At school, I was a diligent student – a “brain strain” as my brother liked to call me – but the only subject I ever came top of the class in was home economics.
I’m no gourmet, but cooking is fun for me, a creative outlet and a way to relax. Or at least it was. Parenthood kind of ruined that.
These days, cooking is mostly a utilitarian activity. Preparing dinner is a precarious mission to get something palatable and vaguely nutritious on the table before someone has a meltdown (usually me).
Cooking dinner for kids may not be a walk in the park, but it doesn’t have to be a nightmare either. Here are four things I do to make it easier.
What’s simpler – picking up your phone and ordering a pizza, or making dough, then kneading, proving, shaping, topping and cooking it?
In comparision to our convenience society, the make-it-yourself ethos of the simple living movement is the antithesis of simplification. However, the judicious addition of a little bit of DIY to your life is worth the effort as:
it’s a counter-weight to the norm of consume, consume, consume
you can’t beat the satisfaction of making something yourself, and
it gives you a real appreciation of what goes into making things.
There are so many ways you can get a dose of DIY – cooking, crafts, gardening. One I recommend to everyone is making your own household cleaners. It’s something we all use regularly and they’re surprising quick and easy to make, plus they’re better for the environment and a money saver.
I’ve been making most of my own cleaners for over a year now. You can find good recipes on the internet and buy most of the ingedients you need from any decent wholefoods store, but I buy mine from Figgy & Co. Not because they’re cheaper (they’re not), but because they have great recipes. Ones that really work for my household. I’ve written a post over on their blog where I share how I got started making my own cleaners . If you’re curious about making your own cleaners, but a bit unsure, head over and check it out. If you’ve got any questions, ask away. While I’m not enthusiastic about cleaning itself, I’m very enthusiastic about cleaning recipes.
I stood at the checkout, nervously watching as the total climbed, hoping it would match the tally in my head. I handed over the precious bills from a dog-eared envelope marked “Groceries”, the steadily reducing amount scrawled on the front read $140, $120, $100, $80. We were down to our last dollars. We’d been paid everything we were owed and there was no new work in the pipeline. We had a nine-month-old at home and a mortgage to pay. Times were stressful, very stressful.
The one relief was that, as I left the supermarket to take the groceries home, I knew I had enough to feed my family for the week. Come what may, I had that comfort. I had that comfort because I had a plan. I’d meticulously planned our meals for the week to match our diminished budget. From there, I’d made a list of exactly what we needed, no more, no less.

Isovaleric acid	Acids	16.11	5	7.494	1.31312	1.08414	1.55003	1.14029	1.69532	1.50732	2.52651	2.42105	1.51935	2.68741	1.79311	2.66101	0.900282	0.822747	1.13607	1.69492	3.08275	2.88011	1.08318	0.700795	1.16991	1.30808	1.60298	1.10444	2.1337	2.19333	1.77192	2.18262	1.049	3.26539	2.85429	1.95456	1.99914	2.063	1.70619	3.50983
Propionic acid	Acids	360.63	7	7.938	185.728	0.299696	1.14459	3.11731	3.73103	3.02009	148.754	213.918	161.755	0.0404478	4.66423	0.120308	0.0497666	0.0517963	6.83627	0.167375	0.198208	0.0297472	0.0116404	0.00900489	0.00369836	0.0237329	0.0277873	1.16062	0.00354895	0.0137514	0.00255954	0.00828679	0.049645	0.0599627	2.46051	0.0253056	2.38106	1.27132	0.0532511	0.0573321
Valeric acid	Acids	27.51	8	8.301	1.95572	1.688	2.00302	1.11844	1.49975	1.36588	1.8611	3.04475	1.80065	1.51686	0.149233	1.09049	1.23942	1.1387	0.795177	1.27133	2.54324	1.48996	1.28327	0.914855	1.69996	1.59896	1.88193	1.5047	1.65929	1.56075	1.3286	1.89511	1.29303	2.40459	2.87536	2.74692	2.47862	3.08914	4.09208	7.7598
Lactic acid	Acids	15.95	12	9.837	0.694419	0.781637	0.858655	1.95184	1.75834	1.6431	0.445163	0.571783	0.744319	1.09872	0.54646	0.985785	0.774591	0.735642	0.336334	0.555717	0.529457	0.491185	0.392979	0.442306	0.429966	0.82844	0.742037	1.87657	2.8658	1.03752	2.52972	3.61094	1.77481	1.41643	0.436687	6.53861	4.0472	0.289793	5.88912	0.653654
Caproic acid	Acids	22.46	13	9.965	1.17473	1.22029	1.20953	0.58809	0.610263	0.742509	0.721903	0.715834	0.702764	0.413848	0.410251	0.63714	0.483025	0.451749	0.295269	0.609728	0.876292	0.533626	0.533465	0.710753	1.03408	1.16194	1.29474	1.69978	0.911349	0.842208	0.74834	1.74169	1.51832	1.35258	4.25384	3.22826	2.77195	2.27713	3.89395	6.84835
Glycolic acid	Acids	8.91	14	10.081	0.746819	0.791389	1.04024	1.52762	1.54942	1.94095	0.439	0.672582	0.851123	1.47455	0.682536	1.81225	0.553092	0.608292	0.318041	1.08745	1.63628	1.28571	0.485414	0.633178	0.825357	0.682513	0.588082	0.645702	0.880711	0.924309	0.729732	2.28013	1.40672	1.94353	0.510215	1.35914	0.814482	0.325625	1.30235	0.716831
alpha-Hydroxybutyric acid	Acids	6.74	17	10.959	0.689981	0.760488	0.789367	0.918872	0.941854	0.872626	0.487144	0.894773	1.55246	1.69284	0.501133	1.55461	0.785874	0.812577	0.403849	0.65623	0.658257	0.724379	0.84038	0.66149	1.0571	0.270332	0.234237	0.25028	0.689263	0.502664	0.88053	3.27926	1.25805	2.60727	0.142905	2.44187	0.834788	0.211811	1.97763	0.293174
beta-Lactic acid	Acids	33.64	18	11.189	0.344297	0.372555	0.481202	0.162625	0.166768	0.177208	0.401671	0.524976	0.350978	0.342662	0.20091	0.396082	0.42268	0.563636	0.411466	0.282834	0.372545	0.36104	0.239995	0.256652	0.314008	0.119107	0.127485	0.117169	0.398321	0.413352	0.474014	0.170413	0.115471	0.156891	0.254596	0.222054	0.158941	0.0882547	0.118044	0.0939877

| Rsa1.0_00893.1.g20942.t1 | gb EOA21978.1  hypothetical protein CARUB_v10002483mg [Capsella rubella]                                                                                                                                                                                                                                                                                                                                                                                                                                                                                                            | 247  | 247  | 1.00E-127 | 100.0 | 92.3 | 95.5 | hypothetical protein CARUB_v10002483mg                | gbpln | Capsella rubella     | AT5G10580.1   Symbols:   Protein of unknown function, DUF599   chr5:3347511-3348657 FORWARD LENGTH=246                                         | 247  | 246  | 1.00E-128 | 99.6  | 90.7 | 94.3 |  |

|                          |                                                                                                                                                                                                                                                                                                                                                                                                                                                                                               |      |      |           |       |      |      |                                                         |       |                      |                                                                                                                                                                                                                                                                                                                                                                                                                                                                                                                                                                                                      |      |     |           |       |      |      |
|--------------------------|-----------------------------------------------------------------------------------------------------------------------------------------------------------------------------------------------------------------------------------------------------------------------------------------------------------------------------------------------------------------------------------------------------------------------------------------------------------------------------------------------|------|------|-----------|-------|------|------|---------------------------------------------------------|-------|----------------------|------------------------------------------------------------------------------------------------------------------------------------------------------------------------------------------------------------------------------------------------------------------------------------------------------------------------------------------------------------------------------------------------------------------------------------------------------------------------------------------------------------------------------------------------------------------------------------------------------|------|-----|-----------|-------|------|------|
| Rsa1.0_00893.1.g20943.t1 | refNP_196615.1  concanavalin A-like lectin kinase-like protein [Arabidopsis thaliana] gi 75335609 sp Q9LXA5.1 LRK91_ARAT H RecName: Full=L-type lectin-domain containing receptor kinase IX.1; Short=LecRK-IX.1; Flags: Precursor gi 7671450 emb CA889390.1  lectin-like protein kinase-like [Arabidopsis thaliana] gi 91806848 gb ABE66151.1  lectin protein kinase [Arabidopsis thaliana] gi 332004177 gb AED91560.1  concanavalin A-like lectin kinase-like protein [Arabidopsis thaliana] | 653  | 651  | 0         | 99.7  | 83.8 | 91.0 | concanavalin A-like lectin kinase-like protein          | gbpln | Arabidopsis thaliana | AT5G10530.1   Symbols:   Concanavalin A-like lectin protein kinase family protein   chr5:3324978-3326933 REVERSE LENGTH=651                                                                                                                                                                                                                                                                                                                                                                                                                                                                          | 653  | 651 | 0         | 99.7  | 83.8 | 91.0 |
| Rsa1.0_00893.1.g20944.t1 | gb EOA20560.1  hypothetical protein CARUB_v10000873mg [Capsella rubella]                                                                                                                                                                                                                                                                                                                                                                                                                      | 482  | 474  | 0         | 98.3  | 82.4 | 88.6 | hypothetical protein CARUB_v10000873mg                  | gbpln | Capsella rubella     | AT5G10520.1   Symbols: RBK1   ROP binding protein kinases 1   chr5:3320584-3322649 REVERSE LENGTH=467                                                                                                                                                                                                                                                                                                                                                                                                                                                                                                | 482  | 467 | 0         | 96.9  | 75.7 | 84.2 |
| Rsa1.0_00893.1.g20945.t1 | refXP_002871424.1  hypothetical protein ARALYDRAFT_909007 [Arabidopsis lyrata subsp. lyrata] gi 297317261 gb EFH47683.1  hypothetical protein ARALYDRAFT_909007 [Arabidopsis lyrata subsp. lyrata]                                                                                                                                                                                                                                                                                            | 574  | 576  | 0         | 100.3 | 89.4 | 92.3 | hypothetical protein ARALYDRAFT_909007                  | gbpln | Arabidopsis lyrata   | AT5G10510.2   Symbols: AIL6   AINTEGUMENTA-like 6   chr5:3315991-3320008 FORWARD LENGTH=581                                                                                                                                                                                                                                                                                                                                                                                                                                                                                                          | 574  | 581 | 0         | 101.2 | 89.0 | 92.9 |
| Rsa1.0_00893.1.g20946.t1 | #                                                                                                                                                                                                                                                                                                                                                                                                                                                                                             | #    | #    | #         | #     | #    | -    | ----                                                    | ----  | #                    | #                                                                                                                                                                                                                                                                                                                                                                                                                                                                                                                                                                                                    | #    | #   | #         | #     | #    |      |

While I started meal planning out of financial necessity, five years later, with our cashflow woes long behind us, it continues to be a weekly ritual. Why do I still bother? These days, it’s less about peace of mind and more about taking a load off my mind.
Meal planning saves me time and money, but most of all it saves me from that dreaded task of trying to think up something to cook for dinner every night. If you are looking for an easy win to simplify your life, it’s meal planning. It’s not rocket science, but there are definitely some traps you want to avoid and some tricks to make it easier.
My first decluttering project was the linen cupboard. It was full to overflowing. I mainly used what was on the top. Putting stuff away was a delicate game of linen Jenga. One day, I took the plunge and pulled everything out. Over a couple of nap times I went through the lot. There was stuff in there I didn’t realise I had, stuff I’d never use, stuff it was time to pass along.
The result was fantastic. I knew what I had and could actually get to it all. Linen Jenga was no longer required. It was life-changing. Well, maybe not quite, but I loved the result. I wanted to do this to my whole house – now!
And then something happened. A tragedy that eventually befalls all parents of young children – my son, then two and a half, ceased napping. My child, who’d reliably slept a solid 90 minutes in the middle of the day (even during the neighbours building work), gave up napping cold turkey. Stuck in the house, during naps was the ideal opportunity to declutter. Without it, what was I going to do?
Almost 20 years ago, a 21-year-old me turned up to live in a house with strangers. A friend had told me the university let vacancies in their student flats for cheap over the summer. The only catch was you were randomly allocated a place – sight unseen, flatmates unmet. I had a fulltime job with a two-hour round trip commute and was about to start part-time study. The flats were walking distance to work and school, and the rent wasn’t much more than the cost of my commute. It was a no-brainer. I signed up.